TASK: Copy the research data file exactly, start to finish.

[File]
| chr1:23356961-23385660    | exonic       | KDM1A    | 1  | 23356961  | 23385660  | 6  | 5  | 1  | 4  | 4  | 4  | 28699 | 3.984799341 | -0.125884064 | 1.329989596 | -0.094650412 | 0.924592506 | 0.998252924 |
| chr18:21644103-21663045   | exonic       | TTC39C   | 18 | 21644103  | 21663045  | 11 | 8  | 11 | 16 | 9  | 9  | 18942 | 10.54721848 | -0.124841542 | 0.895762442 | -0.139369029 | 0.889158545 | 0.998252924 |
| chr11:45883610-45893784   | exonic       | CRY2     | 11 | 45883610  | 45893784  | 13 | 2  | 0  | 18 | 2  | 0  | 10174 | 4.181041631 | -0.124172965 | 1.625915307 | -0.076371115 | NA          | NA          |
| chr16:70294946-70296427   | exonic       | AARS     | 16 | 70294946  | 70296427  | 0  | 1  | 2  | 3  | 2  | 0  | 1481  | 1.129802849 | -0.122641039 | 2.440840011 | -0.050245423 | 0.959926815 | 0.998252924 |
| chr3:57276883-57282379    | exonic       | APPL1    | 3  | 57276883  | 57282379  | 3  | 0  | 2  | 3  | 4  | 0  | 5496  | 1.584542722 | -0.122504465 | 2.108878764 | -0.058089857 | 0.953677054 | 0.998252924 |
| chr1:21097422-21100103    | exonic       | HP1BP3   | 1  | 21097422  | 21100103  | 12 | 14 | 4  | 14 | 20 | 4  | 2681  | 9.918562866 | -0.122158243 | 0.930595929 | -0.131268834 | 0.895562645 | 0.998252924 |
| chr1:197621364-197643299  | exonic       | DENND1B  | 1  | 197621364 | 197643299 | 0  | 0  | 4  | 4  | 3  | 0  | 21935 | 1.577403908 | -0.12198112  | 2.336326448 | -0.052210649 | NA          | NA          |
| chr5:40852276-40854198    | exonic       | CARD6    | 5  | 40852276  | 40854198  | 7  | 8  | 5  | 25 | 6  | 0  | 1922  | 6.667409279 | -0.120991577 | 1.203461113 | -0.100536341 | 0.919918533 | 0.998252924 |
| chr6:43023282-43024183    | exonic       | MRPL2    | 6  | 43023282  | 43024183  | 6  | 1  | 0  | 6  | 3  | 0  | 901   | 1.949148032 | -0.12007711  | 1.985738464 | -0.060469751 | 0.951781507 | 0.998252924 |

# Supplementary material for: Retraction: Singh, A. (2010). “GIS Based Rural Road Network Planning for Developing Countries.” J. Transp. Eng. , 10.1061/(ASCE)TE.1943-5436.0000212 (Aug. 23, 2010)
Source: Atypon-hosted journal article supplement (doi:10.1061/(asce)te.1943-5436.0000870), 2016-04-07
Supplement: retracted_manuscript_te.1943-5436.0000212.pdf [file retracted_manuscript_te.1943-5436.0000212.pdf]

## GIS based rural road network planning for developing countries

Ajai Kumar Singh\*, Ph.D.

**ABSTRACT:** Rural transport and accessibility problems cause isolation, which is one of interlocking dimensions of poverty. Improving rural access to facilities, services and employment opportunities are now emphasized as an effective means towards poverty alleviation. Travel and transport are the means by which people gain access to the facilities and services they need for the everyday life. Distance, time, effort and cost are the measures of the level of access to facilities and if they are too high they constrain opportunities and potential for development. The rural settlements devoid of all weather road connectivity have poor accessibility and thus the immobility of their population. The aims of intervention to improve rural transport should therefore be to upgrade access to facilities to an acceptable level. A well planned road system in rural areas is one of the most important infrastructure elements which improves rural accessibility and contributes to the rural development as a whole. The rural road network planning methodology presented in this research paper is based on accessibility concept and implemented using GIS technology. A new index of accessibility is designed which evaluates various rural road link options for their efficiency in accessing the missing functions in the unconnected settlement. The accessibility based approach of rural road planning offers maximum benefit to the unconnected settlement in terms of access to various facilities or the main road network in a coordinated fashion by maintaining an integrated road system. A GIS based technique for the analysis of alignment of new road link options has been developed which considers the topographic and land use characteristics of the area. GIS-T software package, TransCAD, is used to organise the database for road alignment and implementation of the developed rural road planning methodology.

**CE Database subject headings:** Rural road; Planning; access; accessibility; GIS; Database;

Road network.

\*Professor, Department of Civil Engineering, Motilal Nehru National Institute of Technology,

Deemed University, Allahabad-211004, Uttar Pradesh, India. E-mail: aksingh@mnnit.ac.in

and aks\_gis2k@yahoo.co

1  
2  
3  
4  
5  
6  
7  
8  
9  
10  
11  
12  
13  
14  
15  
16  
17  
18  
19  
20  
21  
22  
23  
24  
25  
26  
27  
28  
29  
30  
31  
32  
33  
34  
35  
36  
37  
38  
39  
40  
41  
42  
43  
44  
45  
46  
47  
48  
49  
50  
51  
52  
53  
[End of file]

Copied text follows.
| chr1:23356961-23385660    | exonic       | KDM1A    | 1  | 23356961  | 23385660  | 6  | 5  | 1  | 4  | 4  | 4  | 28699 | 3.984799341 | -0.125884064 | 1.329989596 | -0.094650412 | 0.924592506 | 0.998252924 |
| chr18:21644103-21663045   | exonic       | TTC39C   | 18 | 21644103  | 21663045  | 11 | 8  | 11 | 16 | 9  | 9  | 18942 | 10.54721848 | -0.124841542 | 0.895762442 | -0.139369029 | 0.889158545 | 0.998252924 |
| chr11:45883610-45893784   | exonic       | CRY2     | 11 | 45883610  | 45893784  | 13 | 2  | 0  | 18 | 2  | 0  | 10174 | 4.181041631 | -0.124172965 | 1.625915307 | -0.076371115 | NA          | NA          |
| chr16:70294946-70296427   | exonic       | AARS     | 16 | 70294946  | 70296427  | 0  | 1  | 2  | 3  | 2  | 0  | 1481  | 1.129802849 | -0.122641039 | 2.440840011 | -0.050245423 | 0.959926815 | 0.998252924 |
| chr3:57276883-57282379    | exonic       | APPL1    | 3  | 57276883  | 57282379  | 3  | 0  | 2  | 3  | 4  | 0  | 5496  | 1.584542722 | -0.122504465 | 2.108878764 | -0.058089857 | 0.953677054 | 0.998252924 |
| chr1:21097422-21100103    | exonic       | HP1BP3   | 1  | 21097422  | 21100103  | 12 | 14 | 4  | 14 | 20 | 4  | 2681  | 9.918562866 | -0.122158243 | 0.930595929 | -0.131268834 | 0.895562645 | 0.998252924 |
| chr1:197621364-197643299  | exonic       | DENND1B  | 1  | 197621364 | 197643299 | 0  | 0  | 4  | 4  | 3  | 0  | 21935 | 1.577403908 | -0.12198112  | 2.336326448 | -0.052210649 | NA          | NA          |
| chr5:40852276-40854198    | exonic       | CARD6    | 5  | 40852276  | 40854198  | 7  | 8  | 5  | 25 | 6  | 0  | 1922  | 6.667409279 | -0.120991577 | 1.203461113 | -0.100536341 | 0.919918533 | 0.998252924 |
| chr6:43023282-43024183    | exonic       | MRPL2    | 6  | 43023282  | 43024183  | 6  | 1  | 0  | 6  | 3  | 0  | 901   | 1.949148032 | -0.12007711  | 1.985738464 | -0.060469751 | 0.951781507 | 0.998252924 |

# Supplementary material for: Retraction: Singh, A. (2010). “GIS Based Rural Road Network Planning for Developing Countries.” J. Transp. Eng. , 10.1061/(ASCE)TE.1943-5436.0000212 (Aug. 23, 2010)
Source: Atypon-hosted journal article supplement (doi:10.1061/(asce)te.1943-5436.0000870), 2016-04-07
Supplement: retracted_manuscript_te.1943-5436.0000212.pdf [file retracted_manuscript_te.1943-5436.0000212.pdf]

## GIS based rural road network planning for developing countries

Ajai Kumar Singh\*, Ph.D.

**ABSTRACT:** Rural transport and accessibility problems cause isolation, which is one of interlocking dimensions of poverty. Improving rural access to facilities, services and employment opportunities are now emphasized as an effective means towards poverty alleviation. Travel and transport are the means by which people gain access to the facilities and services they need for the everyday life. Distance, time, effort and cost are the measures of the level of access to facilities and if they are too high they constrain opportunities and potential for development. The rural settlements devoid of all weather road connectivity have poor accessibility and thus the immobility of their population. The aims of intervention to improve rural transport should therefore be to upgrade access to facilities to an acceptable level. A well planned road system in rural areas is one of the most important infrastructure elements which improves rural accessibility and contributes to the rural development as a whole. The rural road network planning methodology presented in this research paper is based on accessibility concept and implemented using GIS technology. A new index of accessibility is designed which evaluates various rural road link options for their efficiency in accessing the missing functions in the unconnected settlement. The accessibility based approach of rural road planning offers maximum benefit to the unconnected settlement in terms of access to various facilities or the main road network in a coordinated fashion by maintaining an integrated road system. A GIS based technique for the analysis of alignment of new road link options has been developed which considers the topographic and land use characteristics of the area. GIS-T software package, TransCAD, is used to organise the database for road alignment and implementation of the developed rural road planning methodology.

**CE Database subject headings:** Rural road; Planning; access; accessibility; GIS; Database;

Road network.

\*Professor, Department of Civil Engineering, Motilal Nehru National Institute of Technology,

Deemed University, Allahabad-211004, Uttar Pradesh, India. E-mail: aksingh@mnnit.ac.in

and aks\_gis2k@yahoo.co

1  
2  
3  
4  
5  
6  
7  
8  
9  
10  
11  
12  
13  
14  
15  
16  
17  
18  
19  
20  
21  
22  
23  
24  
25  
26  
27  
28  
29  
30  
31  
32  
33  
34  
35  
36  
37  
38  
39  
40  
41  
42  
43  
44  
45  
46  
47  
48  
49  
50  
51  
52  
53  